Effective Governance Begins with the Developer, the Governing Documents and the Initial Developer-Controlled Board

The developer (or declarant) had the original governing documents for the community drafted.  The original governing documents may have been amended or amended and restated by the association.  Typically, the governing documents can be characterized as follows: 1) Good − these documents are workable in the short term, with amendments to be made as needed, 2) Bad − these documents, if politically viable, should be considered for amendment, and 3) Ugly − these documents should be amended.  The Board should reach out to owners to build consensus for the amendment process.

Both CCIOA, if applicable, and the original governing documents allow for an initial period of declarant control of the association Board.  CCIOA requires the declarant gradually turn over Board control to the owners as units are sold or time expires.

The actions of or the failures of the developer controlled Board set the initial tone for governance of the community and the association.  The following are key areas where action by the developer-controlled Board lays the groundwork for responsible governance by a future owner controlled Board: 1) Selecting and retaining a “professional” managing agent; 2) Establishing and maintaining a budget that adequately funds association services; 3) Using the section 303(4) CCIOA budget process to educate the owners/members on the costs of services and operations of the association; 4) Selecting and retaining knowledgeable vendors (i.e. landscape maintenance, snow removal, exterior building maintenance, roofing contractors, association attorney, association accountant, insurance agent, reserve specialists, etc.); 5) Collecting assessments; 6) Enforcing covenants and rules; and 7) Conducting timely and substantive owner and Board meetings.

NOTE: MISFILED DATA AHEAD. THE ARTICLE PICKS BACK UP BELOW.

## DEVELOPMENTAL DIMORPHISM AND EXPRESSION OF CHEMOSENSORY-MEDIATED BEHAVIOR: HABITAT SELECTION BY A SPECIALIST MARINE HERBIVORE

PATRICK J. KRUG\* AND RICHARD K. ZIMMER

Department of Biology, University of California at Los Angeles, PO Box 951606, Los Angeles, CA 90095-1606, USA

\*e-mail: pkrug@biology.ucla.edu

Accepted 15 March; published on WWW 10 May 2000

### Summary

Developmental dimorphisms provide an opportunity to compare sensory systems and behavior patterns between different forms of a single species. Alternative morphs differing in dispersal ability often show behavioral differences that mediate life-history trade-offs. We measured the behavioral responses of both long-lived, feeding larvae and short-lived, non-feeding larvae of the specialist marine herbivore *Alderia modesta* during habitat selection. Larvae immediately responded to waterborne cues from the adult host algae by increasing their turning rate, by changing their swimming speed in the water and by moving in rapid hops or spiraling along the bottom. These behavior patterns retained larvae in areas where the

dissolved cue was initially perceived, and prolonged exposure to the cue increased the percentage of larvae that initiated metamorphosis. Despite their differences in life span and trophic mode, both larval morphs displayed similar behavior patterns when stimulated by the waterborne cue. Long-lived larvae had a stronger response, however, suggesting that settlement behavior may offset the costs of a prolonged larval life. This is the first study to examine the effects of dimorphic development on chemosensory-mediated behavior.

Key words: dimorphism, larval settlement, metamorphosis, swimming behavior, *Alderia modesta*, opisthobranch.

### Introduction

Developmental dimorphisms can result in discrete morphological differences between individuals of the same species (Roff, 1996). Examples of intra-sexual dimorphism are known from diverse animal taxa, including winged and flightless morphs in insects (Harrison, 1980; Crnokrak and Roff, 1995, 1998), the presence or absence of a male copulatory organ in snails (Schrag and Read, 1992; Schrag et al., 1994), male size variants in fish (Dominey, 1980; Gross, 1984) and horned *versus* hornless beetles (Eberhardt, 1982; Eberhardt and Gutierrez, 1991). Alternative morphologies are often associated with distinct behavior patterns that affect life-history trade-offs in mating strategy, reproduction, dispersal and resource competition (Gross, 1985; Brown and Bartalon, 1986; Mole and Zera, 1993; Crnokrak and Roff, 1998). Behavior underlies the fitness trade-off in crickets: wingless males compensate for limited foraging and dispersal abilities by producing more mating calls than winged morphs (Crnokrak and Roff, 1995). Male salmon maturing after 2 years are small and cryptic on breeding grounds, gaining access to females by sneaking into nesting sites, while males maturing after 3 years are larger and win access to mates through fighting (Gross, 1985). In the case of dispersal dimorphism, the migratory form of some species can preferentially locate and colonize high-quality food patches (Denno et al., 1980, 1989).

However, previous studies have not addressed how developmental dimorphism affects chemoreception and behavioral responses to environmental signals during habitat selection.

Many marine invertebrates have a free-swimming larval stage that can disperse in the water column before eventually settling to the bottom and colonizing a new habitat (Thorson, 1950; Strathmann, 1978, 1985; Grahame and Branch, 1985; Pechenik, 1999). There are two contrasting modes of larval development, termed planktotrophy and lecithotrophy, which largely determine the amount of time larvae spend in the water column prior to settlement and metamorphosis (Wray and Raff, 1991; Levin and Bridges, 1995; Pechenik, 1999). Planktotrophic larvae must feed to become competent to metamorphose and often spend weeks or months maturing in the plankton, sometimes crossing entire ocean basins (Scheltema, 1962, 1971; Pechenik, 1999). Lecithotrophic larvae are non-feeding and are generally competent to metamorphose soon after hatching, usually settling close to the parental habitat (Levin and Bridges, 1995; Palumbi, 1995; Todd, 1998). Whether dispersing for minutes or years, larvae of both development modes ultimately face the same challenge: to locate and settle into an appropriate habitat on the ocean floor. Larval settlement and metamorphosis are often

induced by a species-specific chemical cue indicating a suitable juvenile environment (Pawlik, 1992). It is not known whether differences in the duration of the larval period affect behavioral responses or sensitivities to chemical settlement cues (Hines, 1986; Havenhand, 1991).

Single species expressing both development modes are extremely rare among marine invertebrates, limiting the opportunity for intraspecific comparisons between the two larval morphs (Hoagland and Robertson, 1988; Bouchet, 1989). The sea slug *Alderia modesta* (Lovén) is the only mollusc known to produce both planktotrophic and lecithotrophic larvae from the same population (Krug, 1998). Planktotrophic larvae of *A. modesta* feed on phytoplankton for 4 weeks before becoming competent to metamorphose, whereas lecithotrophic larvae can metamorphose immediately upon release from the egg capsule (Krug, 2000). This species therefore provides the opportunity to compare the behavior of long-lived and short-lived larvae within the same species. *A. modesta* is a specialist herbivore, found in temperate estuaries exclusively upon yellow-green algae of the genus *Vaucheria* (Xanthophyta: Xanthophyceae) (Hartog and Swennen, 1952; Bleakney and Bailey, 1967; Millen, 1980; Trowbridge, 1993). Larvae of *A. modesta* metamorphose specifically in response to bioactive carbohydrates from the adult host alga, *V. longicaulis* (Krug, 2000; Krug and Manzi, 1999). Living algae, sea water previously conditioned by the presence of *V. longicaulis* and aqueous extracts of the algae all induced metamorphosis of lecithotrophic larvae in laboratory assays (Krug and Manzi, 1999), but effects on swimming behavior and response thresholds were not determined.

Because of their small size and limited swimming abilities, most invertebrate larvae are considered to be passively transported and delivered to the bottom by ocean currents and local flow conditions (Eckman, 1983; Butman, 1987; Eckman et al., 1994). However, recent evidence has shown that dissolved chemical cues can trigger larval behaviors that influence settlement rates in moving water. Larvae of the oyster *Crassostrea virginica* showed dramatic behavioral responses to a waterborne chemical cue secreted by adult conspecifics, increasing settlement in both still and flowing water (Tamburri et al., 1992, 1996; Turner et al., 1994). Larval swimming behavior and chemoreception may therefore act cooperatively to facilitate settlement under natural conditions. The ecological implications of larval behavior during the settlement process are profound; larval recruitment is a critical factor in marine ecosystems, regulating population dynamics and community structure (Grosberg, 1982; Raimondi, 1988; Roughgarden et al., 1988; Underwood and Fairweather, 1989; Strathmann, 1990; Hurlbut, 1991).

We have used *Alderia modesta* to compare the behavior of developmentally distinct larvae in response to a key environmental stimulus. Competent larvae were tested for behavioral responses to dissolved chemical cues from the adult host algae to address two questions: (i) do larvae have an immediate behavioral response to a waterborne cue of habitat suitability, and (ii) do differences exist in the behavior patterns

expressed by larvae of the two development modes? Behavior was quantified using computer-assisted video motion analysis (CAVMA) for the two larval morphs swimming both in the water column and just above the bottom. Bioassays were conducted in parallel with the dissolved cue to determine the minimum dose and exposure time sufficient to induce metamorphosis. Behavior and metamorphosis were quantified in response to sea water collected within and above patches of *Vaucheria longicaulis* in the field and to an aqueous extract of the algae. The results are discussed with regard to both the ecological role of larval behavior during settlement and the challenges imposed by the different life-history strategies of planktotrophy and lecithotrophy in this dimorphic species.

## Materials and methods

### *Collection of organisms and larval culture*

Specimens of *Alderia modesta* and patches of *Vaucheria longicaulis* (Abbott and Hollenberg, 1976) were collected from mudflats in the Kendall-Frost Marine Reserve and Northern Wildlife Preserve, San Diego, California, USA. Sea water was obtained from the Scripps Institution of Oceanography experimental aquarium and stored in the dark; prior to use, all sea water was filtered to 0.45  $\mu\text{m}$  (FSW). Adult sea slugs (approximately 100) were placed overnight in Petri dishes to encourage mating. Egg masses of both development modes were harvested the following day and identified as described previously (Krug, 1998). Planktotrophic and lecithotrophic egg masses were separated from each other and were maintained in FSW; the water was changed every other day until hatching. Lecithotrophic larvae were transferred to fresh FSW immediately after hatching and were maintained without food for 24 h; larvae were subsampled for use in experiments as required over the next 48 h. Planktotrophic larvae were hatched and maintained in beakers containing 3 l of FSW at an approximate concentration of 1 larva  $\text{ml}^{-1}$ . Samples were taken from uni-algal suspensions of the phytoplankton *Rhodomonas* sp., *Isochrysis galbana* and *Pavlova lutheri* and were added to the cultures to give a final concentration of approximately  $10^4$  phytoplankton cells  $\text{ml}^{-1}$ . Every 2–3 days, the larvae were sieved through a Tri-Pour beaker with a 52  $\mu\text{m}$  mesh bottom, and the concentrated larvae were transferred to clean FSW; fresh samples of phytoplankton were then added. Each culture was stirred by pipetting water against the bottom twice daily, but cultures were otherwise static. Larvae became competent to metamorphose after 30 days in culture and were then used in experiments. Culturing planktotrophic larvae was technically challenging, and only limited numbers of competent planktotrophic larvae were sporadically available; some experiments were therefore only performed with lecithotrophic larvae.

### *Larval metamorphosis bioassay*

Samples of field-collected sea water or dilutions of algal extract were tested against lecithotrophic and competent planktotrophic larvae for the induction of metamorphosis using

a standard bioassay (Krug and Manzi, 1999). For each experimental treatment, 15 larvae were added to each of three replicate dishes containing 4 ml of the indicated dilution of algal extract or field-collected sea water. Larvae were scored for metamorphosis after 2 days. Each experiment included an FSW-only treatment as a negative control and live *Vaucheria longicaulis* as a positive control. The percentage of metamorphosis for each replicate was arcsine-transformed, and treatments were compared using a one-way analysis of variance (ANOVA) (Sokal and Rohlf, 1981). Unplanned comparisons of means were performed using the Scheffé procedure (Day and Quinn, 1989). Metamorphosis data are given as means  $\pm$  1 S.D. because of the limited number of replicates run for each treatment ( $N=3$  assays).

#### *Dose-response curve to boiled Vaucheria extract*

9 Required Governance Policies of Colorado Owner Associations  

Colorado owners associations subject to CCIOA, including timeshare and club associations, are required to have nine written responsible governance policies and procedures on the following topics, as of the dates indicated:

  1. Collections (1-1-06 and 1-1-14) [Source:  SB 05-100 and HB 13-1276]
  2. Conflicts of Interest (1-1-06 and 4-13-11) [Source:  SB 05-100 and HB 11-1124]
  3. Conduct of Meetings (1-1-06) [Source:  SB 05-100]
  4. Enforcement of Covenants and Rules (1-1-06) [Source:  SB 05-100]
  5. Records Inspection and Copying (1-1-06, 1-1-13, and 8-6-14) [Source:  SB 05-100, HB 12-1237 and HB 14-1125]
  6. Investment of Reserves (1-1-06) [Source:  SB 05-100]
  7. Adoption of Policies (1-1-06) [Source:  SB 05-100]
  8. Disputes between the Association and Unit Owners.  A copy of this policy must be made available to an owner on request. (5-26-06) [Source:  SB 06-89]
  9. Reserve Studies and Reserve Funding (8-5-09) [Source:  HB 09-1359]


Practice Pointers on the Drafting and Revision of Policies, Rules and Regulations

A Board should first determine whether or not there is a need to adopt policy or rule by asking the following questions: